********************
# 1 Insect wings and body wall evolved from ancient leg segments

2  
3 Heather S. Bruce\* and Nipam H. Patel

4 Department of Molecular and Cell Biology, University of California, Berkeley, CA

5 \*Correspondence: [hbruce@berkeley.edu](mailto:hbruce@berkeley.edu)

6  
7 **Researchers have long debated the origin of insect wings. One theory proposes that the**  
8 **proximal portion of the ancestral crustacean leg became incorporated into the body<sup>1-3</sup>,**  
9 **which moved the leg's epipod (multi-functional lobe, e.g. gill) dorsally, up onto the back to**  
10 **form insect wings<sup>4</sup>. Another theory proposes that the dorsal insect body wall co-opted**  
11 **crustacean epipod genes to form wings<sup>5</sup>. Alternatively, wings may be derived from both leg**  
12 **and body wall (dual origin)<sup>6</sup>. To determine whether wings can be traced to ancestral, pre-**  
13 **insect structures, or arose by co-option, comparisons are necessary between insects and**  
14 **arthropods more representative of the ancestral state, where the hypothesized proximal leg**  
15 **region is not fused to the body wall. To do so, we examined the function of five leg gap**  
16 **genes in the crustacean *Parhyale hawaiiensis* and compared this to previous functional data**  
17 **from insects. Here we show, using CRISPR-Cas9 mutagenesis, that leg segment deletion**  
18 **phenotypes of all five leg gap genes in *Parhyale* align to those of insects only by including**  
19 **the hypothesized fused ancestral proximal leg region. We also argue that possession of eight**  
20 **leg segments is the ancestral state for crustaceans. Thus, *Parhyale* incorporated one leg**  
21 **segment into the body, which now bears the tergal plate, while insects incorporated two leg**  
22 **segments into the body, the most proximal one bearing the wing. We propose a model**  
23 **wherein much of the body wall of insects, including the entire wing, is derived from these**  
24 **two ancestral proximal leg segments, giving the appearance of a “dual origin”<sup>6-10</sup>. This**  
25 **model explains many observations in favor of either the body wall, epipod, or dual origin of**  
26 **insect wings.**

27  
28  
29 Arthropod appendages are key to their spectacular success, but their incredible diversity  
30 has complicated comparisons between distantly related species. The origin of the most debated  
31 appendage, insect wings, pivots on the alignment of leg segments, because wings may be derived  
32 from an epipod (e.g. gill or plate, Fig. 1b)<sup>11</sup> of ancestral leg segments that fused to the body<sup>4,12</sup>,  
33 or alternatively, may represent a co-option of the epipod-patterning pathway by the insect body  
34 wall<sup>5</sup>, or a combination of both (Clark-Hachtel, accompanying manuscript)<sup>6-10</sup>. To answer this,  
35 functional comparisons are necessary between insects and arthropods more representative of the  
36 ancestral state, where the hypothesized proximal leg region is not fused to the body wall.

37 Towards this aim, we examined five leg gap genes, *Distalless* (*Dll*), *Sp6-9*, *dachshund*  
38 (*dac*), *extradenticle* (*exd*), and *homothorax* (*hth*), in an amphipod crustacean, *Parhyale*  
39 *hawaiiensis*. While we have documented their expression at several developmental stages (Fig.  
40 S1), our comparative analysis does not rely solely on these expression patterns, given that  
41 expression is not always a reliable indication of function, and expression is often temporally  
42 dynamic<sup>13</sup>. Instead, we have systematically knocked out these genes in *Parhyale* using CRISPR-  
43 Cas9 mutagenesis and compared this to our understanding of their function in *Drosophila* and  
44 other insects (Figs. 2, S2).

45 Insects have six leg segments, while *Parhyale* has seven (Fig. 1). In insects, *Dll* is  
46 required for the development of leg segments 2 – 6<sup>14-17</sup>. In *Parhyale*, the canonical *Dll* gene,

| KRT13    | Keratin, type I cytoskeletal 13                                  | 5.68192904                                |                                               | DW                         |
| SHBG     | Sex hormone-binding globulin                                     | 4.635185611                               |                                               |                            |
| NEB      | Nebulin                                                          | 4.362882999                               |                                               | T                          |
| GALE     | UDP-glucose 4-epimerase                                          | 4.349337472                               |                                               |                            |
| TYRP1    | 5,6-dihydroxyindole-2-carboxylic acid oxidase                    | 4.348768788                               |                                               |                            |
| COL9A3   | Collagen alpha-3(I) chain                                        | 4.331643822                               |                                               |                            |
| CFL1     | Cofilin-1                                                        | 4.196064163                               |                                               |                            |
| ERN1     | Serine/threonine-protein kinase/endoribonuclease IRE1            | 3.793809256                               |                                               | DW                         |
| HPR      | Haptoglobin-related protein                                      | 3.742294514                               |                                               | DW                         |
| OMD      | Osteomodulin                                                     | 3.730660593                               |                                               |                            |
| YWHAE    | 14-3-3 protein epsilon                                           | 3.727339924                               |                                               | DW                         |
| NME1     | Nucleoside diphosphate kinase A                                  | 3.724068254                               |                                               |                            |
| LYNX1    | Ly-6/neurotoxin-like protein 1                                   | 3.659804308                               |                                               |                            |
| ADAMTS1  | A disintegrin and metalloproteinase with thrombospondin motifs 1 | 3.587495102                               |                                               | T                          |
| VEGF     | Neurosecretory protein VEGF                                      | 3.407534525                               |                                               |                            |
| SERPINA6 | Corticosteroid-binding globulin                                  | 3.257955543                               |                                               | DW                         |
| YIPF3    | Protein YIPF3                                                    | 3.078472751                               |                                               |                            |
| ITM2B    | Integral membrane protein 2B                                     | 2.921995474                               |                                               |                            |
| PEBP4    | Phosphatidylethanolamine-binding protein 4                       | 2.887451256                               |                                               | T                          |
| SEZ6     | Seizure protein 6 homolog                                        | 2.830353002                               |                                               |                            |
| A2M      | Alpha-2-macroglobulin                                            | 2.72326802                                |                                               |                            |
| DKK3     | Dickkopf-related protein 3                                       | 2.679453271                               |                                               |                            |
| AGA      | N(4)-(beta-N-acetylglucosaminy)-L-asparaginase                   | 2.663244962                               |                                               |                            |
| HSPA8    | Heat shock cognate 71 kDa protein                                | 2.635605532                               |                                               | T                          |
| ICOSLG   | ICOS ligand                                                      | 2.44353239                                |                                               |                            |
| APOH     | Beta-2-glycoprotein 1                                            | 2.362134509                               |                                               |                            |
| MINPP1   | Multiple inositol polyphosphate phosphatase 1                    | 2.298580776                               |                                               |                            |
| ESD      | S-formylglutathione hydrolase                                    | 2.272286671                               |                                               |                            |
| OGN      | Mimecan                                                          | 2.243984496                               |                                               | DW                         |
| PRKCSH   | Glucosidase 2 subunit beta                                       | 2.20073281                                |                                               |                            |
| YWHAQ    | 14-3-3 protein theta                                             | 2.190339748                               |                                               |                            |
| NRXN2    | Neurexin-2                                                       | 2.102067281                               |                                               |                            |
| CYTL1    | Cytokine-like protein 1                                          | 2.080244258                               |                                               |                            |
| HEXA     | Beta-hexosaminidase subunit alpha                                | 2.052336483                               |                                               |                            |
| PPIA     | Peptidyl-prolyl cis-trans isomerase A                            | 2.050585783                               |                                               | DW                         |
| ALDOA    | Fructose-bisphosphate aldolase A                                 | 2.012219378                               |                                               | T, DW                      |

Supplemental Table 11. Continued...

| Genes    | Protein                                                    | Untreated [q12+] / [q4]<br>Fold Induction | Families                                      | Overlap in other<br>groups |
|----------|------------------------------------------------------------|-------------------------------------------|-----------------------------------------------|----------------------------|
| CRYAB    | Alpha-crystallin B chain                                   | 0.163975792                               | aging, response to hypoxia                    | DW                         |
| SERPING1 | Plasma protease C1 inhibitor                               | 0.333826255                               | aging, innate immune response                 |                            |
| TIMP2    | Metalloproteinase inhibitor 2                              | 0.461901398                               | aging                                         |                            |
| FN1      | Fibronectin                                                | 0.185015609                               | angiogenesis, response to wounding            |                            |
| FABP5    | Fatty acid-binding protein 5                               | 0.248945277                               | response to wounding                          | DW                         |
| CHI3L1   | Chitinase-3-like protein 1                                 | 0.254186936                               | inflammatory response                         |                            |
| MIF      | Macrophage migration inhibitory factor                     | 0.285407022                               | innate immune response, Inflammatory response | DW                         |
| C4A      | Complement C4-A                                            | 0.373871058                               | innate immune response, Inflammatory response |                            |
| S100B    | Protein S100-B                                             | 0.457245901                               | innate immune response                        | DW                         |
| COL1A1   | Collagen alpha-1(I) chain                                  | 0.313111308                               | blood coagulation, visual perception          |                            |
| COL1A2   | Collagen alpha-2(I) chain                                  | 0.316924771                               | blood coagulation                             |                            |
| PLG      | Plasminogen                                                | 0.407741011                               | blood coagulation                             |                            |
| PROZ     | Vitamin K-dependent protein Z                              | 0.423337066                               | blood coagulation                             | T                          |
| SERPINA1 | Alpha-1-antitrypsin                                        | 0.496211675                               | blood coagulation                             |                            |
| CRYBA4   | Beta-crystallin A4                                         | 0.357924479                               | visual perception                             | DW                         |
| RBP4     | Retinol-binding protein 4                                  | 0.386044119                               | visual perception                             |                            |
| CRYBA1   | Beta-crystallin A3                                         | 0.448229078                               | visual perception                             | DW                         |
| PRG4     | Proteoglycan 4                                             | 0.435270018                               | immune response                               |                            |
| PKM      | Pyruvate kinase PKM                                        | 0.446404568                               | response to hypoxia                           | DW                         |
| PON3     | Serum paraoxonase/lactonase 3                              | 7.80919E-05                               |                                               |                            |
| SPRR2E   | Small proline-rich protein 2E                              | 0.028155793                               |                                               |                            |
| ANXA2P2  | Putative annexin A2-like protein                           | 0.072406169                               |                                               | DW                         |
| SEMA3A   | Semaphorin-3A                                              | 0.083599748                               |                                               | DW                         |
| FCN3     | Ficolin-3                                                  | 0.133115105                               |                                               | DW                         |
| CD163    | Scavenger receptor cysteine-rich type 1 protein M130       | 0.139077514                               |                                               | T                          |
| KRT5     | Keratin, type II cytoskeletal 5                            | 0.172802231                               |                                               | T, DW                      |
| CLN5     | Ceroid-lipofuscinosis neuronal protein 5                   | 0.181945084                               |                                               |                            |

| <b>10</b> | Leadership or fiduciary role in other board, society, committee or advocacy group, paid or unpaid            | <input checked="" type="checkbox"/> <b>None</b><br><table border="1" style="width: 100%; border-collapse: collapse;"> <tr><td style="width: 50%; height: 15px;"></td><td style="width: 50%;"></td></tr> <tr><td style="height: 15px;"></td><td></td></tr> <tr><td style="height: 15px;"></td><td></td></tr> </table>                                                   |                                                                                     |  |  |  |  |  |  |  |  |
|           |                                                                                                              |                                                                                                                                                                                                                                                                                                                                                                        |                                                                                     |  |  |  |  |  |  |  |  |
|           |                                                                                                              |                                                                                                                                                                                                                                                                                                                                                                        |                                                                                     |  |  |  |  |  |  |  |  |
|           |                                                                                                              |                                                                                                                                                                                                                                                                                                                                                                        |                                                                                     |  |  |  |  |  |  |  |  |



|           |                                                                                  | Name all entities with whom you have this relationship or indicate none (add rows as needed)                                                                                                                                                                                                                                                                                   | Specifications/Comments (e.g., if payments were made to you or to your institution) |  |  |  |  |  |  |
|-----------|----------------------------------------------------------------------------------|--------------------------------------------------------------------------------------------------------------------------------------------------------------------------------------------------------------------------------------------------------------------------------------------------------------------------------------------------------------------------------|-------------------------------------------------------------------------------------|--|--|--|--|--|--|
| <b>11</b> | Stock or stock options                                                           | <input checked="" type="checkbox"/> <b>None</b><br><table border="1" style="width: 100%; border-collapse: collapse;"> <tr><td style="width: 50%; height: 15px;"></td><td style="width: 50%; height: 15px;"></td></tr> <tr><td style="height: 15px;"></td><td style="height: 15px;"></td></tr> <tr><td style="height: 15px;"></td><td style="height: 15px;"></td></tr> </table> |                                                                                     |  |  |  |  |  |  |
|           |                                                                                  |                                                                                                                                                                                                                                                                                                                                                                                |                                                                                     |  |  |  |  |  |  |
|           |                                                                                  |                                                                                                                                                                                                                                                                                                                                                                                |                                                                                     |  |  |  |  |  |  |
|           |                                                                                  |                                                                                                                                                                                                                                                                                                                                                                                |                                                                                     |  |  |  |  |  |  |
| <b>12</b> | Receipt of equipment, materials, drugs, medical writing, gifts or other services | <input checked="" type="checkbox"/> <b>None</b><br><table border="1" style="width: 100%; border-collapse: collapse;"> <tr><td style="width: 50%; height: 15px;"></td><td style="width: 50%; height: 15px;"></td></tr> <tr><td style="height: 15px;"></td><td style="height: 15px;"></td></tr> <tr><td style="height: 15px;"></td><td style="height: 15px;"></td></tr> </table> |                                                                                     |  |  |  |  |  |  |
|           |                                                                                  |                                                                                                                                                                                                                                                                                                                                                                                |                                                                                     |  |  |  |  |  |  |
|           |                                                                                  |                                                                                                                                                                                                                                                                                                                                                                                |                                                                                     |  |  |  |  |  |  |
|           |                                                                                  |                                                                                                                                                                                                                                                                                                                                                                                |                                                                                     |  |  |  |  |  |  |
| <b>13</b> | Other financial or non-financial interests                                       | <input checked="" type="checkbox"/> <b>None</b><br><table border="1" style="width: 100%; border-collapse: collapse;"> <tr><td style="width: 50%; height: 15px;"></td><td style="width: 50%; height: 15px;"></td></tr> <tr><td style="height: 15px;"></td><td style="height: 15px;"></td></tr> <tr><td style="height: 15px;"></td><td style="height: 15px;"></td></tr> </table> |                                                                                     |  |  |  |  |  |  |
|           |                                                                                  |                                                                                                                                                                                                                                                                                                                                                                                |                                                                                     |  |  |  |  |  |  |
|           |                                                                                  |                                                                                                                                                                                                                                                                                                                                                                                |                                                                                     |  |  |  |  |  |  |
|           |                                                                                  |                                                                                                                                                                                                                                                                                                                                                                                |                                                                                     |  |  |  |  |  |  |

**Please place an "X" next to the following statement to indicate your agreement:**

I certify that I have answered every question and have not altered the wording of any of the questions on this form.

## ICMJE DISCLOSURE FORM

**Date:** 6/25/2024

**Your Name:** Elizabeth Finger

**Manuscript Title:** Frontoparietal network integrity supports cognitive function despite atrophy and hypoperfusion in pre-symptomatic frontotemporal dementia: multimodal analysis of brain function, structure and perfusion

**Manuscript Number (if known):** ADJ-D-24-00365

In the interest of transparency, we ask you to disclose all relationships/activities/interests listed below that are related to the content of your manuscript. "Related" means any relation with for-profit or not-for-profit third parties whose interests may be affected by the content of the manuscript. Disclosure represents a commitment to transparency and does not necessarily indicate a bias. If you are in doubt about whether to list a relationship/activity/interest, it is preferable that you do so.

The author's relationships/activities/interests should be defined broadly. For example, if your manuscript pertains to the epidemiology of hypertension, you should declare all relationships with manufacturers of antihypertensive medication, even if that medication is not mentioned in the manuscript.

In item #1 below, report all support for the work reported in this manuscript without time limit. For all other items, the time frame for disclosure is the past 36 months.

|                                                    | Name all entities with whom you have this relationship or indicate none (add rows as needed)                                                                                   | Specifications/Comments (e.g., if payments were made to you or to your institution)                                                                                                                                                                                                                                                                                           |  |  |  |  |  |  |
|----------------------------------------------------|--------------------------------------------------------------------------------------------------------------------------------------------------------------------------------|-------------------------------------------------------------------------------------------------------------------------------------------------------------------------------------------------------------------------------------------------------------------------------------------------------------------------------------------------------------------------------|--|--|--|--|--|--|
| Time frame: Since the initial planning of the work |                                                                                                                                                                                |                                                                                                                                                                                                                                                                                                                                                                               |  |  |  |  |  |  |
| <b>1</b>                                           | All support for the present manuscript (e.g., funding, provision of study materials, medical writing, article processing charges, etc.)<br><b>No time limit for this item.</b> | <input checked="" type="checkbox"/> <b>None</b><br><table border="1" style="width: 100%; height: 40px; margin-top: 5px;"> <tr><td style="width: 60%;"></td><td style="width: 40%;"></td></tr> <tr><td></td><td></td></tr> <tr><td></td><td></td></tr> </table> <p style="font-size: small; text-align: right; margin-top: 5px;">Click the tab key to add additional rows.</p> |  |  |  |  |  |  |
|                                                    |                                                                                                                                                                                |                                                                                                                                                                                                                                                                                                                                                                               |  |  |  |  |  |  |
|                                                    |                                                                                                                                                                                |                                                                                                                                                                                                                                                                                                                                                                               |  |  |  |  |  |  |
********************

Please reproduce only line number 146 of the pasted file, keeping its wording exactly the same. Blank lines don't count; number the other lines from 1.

|                                                    |                                                                                                                                                                                |                                                                                                                                                                                                                                                                                                                                                                               |  |  |  |  |  |  |